What is underground today may or may not enjoy mass appeal tomorrow. Gangsta rap and grunge started out with cult followings but ended up becoming extremely lucrative; N.W.A and Nirvana were called "uncommercial" at one time but went on to sell millions of albums. Death metal, on the other hand, has pretty much remained underground. Some death metallers have entered the gold/platinum realm -- Slayer, most notably -- but for the most part, death metal has stayed a cult phenomenon. Most death metal bands cater to a core audience of true believers; they don't care if people outside of the death metal/black metal world comprehend what they're doing. And that outlook permeates Agony's Lament, a CD that is unlikely to win over anyone who hasn't understood death metal in the past. Soulless' harsh, brutally intense material is death metal with a strong thrash influence; they're extreme and left-of-center, although not quite as extreme as Cannibal Corpse or Carcass. Nonetheless, it would be a mistake to think of Agony's Lament as a disc that's going to convert someone who has been saying, "I just don't understand death metal" -- from Jim Lippucci's demonic vocal style to the merciless two-guitar attack of Jim Corrick and Wayne Richards, Agony's Lament is aimed at the kids who are already in the mosh pit. This Cleveland outfit doesn't offer a lot of variety; after the first few tunes, the listener has pretty much heard it all. And they aren't terribly distinctive; countless other bands have done this type of thing before. Nonetheless, the competent Agony's Lament isn't without its pleasures if one has a taste for this type of sensory assault.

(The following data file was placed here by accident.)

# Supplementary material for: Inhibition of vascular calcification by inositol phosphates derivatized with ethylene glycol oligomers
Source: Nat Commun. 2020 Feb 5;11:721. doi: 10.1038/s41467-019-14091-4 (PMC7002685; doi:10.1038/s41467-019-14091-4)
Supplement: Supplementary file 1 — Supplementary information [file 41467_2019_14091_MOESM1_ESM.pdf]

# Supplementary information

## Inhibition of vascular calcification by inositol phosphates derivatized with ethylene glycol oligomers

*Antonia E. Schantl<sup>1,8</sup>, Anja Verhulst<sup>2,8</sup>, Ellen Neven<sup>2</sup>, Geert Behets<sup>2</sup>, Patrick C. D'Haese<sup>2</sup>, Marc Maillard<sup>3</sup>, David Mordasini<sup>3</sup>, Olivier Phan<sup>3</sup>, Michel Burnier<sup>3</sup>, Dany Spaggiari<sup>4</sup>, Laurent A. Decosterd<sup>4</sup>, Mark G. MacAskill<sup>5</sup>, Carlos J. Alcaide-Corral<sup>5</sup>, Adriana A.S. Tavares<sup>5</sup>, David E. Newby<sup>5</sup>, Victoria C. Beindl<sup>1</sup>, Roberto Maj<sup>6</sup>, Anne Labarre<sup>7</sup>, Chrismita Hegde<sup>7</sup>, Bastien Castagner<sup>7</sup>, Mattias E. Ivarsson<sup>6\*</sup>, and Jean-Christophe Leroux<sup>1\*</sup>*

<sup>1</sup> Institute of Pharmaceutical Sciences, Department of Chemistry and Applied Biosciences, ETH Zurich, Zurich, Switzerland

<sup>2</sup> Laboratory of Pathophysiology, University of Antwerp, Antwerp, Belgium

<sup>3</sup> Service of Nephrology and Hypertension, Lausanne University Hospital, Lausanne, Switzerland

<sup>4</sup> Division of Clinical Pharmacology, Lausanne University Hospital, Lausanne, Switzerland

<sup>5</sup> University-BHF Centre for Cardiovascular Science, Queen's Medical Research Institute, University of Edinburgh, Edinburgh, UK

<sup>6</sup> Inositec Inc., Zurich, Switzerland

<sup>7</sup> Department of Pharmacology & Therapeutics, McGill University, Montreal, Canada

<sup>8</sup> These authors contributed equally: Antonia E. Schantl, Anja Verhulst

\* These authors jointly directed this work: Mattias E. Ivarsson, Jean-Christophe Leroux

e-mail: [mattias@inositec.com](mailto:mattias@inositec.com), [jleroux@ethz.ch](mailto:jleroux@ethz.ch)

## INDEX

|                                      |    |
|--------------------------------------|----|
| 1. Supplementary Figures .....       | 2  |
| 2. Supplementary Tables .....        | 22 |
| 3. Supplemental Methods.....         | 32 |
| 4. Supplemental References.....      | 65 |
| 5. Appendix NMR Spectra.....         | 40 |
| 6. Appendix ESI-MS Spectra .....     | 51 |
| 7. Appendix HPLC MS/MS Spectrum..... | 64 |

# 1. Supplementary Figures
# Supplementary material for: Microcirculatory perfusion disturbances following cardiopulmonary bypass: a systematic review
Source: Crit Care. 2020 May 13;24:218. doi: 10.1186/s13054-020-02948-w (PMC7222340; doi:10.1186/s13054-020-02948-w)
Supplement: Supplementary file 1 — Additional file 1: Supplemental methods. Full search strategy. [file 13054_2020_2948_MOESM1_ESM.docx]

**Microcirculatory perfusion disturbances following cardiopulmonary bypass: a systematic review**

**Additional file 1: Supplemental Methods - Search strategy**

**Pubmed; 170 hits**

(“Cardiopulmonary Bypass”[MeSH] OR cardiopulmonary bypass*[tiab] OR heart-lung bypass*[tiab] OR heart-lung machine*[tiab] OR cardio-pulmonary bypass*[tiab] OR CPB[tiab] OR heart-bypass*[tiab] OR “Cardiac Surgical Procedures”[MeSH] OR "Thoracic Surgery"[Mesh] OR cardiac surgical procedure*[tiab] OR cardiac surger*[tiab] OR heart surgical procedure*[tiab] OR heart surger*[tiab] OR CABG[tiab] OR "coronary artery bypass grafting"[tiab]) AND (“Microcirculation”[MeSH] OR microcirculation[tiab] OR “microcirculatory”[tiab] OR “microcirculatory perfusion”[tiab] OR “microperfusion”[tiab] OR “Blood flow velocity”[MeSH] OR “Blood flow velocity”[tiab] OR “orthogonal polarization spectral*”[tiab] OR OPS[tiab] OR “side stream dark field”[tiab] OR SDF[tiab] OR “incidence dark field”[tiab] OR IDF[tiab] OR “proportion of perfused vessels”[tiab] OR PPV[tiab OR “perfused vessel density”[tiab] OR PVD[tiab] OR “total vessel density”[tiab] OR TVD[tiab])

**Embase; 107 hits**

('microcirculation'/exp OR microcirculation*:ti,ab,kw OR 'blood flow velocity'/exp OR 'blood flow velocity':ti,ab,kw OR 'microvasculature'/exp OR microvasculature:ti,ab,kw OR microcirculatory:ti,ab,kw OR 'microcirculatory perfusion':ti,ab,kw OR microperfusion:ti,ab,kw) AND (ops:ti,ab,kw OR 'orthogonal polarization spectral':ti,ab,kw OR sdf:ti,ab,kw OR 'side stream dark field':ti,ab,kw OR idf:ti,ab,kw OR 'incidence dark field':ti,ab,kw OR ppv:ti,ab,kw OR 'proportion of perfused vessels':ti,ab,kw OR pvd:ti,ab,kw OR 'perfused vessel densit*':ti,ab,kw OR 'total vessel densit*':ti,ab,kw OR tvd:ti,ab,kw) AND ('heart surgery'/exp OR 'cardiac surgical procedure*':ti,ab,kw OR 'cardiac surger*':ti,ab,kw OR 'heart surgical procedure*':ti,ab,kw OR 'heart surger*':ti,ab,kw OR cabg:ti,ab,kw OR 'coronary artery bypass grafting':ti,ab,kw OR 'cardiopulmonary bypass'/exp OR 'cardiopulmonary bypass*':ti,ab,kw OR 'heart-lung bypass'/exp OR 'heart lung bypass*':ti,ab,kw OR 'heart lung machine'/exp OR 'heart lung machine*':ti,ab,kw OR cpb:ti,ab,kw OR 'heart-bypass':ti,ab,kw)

AllMusic Review by Alex Henderson